Turkey has a longstanding history of deporting “active” expatriate Christians categorized as missionaries, but relatively few Christians were expelled.

After a coup attempt in the summer of 2016, however, the government of President Recep Tayyip Erdogan ratcheted up the number of Christians identified for possible expulsion or denied entry into Turkey. The trend has continued.

According to the 2020 edition of the Annual Human Rights Report issued by the Association of Protestant Churches in Turkey (TEK), the government selected 35 foreign Protestants for expulsion in 2019. In 2020, the government targeted 30 more Christians.

The government also banned the entry of other Christians. At least 30 foreign Protestants were barred from entering Turkey in 2020, according to TEK, including 10 US citizens, one British citizen, four Germans, three Koreans, two Moldovans, one Norwegian, one Finn, one Armenian, three Latin Americans, and four other nationals.

“These people and their families have been resident in our country for many years. Not one of them has a criminal record or conviction of any form,” according to the Protestant association. “This situation represents a major humanitarian problem. These entry bans, imposed with no forewarnings, disrupted family unity and created a state of chaos for all members of the individual’s family.”

Families in which one spouse is a Turkish national and the other a foreigner also suffer. Last year, the Turkish government targeted at least five such Christian couples, according to TEK. The government has ordered another member of Yalova Light House Church, a foreigner married to a Turk, out of the country. Their case is pending.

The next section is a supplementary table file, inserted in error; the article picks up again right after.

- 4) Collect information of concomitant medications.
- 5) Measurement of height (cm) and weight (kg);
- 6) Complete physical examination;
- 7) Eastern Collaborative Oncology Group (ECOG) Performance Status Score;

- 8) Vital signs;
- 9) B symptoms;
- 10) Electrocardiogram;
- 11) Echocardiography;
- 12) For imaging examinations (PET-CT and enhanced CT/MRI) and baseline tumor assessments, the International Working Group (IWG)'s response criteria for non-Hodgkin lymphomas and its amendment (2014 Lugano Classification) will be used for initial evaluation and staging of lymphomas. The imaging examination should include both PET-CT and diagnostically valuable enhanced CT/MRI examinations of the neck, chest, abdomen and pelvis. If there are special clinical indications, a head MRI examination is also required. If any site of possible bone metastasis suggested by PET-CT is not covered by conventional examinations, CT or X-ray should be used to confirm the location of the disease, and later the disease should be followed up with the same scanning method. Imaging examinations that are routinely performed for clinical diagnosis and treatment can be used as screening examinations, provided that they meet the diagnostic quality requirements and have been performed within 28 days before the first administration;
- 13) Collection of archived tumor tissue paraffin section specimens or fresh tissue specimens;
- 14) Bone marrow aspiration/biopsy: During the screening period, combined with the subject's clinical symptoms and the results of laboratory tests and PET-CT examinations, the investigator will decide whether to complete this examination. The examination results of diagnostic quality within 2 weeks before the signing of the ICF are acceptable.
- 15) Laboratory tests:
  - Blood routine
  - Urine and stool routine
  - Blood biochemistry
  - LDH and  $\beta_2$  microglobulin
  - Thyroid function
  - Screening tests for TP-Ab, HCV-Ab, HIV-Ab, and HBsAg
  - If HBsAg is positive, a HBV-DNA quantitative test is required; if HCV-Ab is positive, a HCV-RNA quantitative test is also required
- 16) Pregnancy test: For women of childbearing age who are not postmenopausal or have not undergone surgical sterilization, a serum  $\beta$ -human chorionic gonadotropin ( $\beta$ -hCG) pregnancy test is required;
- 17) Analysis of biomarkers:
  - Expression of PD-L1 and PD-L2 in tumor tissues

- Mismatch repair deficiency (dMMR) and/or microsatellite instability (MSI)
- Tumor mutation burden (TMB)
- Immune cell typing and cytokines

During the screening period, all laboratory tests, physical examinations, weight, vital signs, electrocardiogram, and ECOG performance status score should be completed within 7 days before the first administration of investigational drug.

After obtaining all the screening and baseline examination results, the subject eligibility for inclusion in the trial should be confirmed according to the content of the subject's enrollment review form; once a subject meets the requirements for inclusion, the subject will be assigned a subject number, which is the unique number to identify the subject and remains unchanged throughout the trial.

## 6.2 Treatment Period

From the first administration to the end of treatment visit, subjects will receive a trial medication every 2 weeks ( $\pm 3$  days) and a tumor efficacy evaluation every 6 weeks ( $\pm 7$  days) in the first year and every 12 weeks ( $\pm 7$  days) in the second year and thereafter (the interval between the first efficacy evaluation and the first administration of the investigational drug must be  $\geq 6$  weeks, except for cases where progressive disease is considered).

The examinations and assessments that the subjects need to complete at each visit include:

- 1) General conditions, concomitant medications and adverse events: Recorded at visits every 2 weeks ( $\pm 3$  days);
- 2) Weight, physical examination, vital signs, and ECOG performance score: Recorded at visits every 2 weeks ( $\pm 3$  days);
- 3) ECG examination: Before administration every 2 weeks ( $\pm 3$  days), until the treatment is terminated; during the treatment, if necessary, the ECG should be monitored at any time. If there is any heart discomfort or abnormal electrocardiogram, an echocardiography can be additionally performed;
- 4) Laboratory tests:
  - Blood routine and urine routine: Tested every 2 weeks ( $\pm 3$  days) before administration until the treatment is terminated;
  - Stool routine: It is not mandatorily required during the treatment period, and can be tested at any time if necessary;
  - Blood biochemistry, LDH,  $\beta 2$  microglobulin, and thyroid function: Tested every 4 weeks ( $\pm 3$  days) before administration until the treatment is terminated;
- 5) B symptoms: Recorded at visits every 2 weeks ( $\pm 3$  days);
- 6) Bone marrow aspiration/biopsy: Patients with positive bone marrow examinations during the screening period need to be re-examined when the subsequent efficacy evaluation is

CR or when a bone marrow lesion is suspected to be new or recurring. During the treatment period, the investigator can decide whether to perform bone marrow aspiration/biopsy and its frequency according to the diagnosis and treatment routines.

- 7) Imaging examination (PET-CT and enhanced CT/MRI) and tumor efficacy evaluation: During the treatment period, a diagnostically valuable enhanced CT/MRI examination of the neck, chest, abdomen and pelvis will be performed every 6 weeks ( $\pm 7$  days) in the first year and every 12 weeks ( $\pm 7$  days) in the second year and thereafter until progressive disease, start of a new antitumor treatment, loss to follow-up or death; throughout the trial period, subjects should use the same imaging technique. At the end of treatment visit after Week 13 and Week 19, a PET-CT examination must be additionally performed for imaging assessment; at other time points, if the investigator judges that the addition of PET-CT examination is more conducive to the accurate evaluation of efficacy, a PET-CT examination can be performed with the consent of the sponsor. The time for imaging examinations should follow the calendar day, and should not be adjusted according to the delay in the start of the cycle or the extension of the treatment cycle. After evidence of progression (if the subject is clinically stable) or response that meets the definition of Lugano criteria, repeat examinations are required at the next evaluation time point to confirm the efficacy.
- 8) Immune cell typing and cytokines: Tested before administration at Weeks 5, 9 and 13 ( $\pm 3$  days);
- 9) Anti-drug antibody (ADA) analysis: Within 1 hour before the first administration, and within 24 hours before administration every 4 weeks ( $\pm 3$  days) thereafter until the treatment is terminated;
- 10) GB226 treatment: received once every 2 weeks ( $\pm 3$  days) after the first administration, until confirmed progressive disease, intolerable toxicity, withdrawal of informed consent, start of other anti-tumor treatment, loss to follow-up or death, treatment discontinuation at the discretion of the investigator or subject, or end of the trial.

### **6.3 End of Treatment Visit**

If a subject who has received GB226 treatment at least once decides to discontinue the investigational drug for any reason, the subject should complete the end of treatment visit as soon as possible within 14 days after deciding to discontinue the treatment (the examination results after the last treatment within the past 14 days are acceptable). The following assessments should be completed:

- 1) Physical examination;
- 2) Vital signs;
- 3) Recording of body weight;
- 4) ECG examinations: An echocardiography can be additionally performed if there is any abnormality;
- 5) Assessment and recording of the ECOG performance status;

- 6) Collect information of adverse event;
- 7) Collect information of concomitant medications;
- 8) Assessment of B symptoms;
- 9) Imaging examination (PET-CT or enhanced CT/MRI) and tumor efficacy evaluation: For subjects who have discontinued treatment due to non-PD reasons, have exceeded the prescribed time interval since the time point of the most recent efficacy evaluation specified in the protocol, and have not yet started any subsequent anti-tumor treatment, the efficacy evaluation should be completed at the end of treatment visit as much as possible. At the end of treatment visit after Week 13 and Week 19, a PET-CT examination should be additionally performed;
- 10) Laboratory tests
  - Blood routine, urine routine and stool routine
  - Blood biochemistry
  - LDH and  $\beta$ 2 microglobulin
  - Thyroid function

“Most of these cases applied to a foreign wife married to a Turkish pastor. Many of the recipients did not have any clerical role in the church themselves,” the TEK report states. “Most of them are housewives. This situation has meant that Protestant leaders who are citizens of Turkey have been compelled to emigrate, or face their family being torn apart.”

In addition, in 2020 one foreign Christian’s application for citizenship was rejected because the spouse was “a church leader and takes part in church activities,” according to the report.

Nearly all the Christians singled out for deportation were given an N82 or G82 code by the MIT in conjunction with the Ministry of the Interior. Technically the code is not an entry ban per se, but a requirement to obtain prior approval before entering the country. None of the Christians expelled under a N82 or G82 designation, however, has been allowed to return.

Some of the targeted Christians have appealed their security designations. Most N82 cases are still in adjudication, but to date no appellant has won entry in the lower court or the Constitutional Court.

“In court cases opened to challenge this situation, the authorities have claimed that these people are pursuing activities to the detriment of Turkey, have taken part in missionary activities, and that some of them had attended the annual Family Conference (which our association has held for 20 years), or other seminars and meetings that are similarly completely legal and transparent,” according to TEK. “Some of the court cases have reached a conclusion, and a verdict was delivered against these people without any concrete reason being given.”